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Dean's Column: Nevada's Public Lands and the Boyd School of Law

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STATE BAR OF NEVADA
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Nevada Lawyer Magazine
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“Despite the openness of the landscape, an openness enforced by aridity, the west has the most urbanized population in the country.”
Dean’s Column
BY GUEST WRITER BRET BIRDSONG, PROFESSOR OF LAW
neVaDa’s PUBLiC LanDs anD tHe BoYD sCHooL oF LaW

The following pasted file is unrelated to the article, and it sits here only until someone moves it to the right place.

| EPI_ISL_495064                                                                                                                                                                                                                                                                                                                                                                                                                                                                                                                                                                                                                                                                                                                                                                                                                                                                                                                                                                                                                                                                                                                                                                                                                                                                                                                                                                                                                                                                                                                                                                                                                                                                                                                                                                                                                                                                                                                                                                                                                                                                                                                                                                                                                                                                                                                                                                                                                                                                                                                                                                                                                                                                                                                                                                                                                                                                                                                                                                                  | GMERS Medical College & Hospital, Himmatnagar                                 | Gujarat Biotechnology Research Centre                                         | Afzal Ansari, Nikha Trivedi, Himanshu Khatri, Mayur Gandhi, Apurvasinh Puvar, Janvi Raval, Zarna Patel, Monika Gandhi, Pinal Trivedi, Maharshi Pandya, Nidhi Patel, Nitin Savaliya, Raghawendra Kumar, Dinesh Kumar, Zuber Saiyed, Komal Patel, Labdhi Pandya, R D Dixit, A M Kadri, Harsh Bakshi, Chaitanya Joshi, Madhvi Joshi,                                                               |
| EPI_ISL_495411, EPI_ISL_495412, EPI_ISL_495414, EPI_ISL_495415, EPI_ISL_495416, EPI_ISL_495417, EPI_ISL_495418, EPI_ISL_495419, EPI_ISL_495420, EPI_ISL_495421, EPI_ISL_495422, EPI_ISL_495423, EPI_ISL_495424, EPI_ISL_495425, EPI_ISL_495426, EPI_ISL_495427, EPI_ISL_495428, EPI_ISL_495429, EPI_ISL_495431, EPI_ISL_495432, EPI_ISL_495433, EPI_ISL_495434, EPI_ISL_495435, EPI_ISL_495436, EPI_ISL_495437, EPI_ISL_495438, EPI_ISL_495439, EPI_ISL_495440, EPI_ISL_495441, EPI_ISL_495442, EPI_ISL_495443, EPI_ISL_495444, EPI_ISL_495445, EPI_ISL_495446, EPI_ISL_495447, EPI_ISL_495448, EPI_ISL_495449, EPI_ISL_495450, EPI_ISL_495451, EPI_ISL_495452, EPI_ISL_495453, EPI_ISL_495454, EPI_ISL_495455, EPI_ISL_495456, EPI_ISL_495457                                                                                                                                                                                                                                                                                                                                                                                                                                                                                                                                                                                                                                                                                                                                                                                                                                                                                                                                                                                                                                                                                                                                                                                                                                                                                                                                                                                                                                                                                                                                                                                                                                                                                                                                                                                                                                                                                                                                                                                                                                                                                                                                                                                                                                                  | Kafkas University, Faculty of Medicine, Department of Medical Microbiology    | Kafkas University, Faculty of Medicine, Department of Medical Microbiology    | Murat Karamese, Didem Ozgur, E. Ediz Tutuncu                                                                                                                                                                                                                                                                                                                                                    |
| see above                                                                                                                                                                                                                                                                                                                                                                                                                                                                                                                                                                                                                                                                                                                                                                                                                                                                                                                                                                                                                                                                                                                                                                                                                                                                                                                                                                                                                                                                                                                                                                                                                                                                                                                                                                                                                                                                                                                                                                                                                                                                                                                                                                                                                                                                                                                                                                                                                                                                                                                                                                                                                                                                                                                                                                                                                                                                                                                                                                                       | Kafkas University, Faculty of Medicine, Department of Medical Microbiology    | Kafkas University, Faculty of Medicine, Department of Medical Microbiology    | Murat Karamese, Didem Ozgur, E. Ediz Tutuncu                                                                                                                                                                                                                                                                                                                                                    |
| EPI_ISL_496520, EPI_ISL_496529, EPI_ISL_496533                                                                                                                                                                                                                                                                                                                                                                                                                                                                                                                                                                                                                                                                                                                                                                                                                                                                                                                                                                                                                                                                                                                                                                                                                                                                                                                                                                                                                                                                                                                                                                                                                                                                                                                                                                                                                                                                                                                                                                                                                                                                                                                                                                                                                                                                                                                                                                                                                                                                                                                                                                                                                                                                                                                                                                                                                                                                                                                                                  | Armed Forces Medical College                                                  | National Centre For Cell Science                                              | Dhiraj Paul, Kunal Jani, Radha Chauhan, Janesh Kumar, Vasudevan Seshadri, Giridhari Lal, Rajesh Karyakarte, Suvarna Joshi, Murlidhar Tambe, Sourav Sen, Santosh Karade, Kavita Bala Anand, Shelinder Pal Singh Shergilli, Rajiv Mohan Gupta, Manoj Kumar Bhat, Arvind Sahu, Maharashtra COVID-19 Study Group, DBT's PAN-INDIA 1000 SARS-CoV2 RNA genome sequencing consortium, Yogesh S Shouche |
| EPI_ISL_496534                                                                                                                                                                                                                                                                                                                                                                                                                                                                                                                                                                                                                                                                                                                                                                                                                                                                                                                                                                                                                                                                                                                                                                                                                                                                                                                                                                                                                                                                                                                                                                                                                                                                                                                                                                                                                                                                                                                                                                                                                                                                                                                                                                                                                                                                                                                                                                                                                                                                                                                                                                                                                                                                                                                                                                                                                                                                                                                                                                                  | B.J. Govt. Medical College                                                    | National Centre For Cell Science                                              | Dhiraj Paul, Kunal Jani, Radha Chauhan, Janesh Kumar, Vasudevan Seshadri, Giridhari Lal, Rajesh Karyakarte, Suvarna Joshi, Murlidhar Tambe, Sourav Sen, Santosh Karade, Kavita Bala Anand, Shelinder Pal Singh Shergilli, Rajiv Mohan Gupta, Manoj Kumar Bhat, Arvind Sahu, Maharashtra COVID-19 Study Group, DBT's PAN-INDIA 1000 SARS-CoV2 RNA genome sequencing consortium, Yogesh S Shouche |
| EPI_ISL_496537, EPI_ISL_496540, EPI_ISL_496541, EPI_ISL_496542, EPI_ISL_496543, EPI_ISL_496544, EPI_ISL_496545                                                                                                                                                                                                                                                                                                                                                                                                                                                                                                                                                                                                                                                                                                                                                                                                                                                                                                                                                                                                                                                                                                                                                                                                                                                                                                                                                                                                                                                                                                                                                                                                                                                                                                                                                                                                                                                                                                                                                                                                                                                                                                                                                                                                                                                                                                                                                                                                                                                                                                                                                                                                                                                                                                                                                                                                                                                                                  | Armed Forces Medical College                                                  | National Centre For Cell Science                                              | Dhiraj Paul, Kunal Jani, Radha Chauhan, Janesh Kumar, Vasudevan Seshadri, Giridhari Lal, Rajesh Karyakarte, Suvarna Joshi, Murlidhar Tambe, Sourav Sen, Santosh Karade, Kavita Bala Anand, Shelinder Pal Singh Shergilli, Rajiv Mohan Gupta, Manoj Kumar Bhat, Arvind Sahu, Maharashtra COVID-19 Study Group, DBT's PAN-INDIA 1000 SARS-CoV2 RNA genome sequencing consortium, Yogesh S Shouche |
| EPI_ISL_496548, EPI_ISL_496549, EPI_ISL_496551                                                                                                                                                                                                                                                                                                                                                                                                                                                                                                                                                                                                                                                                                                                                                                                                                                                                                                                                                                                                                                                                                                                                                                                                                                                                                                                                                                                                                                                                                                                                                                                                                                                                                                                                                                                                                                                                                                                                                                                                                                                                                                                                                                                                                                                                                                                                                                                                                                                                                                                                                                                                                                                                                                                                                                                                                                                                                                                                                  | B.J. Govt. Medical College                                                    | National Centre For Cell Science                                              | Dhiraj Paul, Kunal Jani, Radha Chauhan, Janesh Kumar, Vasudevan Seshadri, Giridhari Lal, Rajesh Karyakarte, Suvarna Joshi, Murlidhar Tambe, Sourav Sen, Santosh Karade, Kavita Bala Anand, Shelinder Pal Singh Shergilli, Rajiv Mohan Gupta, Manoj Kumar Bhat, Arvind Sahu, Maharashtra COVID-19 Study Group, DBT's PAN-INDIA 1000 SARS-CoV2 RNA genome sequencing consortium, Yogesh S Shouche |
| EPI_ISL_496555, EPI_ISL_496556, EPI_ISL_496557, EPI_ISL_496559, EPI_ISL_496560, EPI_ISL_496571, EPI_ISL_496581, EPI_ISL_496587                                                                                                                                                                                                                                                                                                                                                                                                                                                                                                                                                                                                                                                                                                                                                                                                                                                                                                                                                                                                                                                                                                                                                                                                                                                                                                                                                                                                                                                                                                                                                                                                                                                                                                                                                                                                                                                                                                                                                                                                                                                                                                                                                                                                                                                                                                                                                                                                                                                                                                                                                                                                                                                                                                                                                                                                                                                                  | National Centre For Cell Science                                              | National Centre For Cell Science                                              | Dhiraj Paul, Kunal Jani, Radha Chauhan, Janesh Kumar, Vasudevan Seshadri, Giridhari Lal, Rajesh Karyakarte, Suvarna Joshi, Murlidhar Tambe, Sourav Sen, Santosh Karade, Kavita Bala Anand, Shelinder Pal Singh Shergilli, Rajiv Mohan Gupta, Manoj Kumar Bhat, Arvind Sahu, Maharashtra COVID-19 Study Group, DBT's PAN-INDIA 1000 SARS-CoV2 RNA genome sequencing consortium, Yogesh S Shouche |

Nevada, of course, has the highest percentage of federally-owned land of any of the United States, and I’d be willing to bet that UNLV’s Boyd School of Law has more public land within 200 miles than any other law school in the country. The point is driven home by a map in my office that shows land ownership in the state. It is an overwhelming sea of yellow (BLM land), green (Forest Service), pink (Nellis Air Range), brown (Nevada Test Site) and purple (National Park Service). There are a few islands colored white. These are the areas of private land, which make up only about 15 percent of the land area of the state. Amid this sea of public land, one might expect Nevada’s students to know plenty about it before they get to law school. But the paradoxes of the American west are nowhere more apparent than in Nevada. Despite the openness of the landscape, an openness enforced by aridity, the west has the most urbanized population in the country. Why? Because nearly all the people in the state live on the little islands of private land, and that is where, for the most part, their economic activities take place. For incoming law students from these urban archipelagos, the public lands are more often an afterthought than a frame of historical and cultural perspective. So it falls to the law school to provide a solid foundation in both the history of public land law and the importance of the public lands for the future of the state. There are four main components to Boyd’s offerings on public land law for students. First, we offer two foundational survey courses. Environmental Quality Law focuses on the fundamental strategies that law can employ to achieve environmental goals: disclosure, prohibition, life-cycle regulation, market entry gatekeeping, health-based standards, technology-based standards and market-based measures (e.g., cap and trade). Students in Public Land and Natural Resources Law study the history and legal underpinnings of federal ownership and control of the public lands, the allocation of federal and state authority on the public domain, and the specific legal regimes governing mineral development, forestry, livestock grazing, wildlife protection, recreation and wilderness preservation. Second, in order to further enrich our students’ understanding of natural resource development on public lands, we offer two courses that take a more in-depth look at the subject. In this arid region, precious water is often found flowing upon or under the public lands. Water law, a staple in western law schools, explores the legal control of this statecontrolled resource for both human and environmental uses. As a Department of Justice trial attorney litigating cases for federal agencies, I found I often understood legal and factual issues much better after visiting the particular place in dispute and spending time on the ground with the agency employees closest to the case. In the Natural Resources Law Field Seminar, students have the opportunity to study several hotly disputed natural resources issues in the Grand Canyon region in the same way. Along with law students from Arizona State University, Boyd students study in depth the links between law, policy and science, traveling to the Grand Canyon area to discuss issues such as endangered species in the Colorado River, forest management and federal grazing permits with environmentalists, state and federal land managers, and industry representatives. Boyd’s partnership with the Rocky Mountain Mineral Law Foundation (RMMLF) offers a third way for students to pursue their interest in the public lands. The RMMLF is an educational foundation that offers high quality conferences and institutes on public land and mineral law topics. Each year, the foundation generously provides significant funding to allow Boyd students to travel to and attend their institutes. In the past several years, Boyd students have attended and participated in institutes on protecting water, archeological and cultural resources, NEPA on the public lands, and oil and gas law, as well as the RMMLF’s annual summer institute. In addition to enriching students’ understanding of legal developments concerning the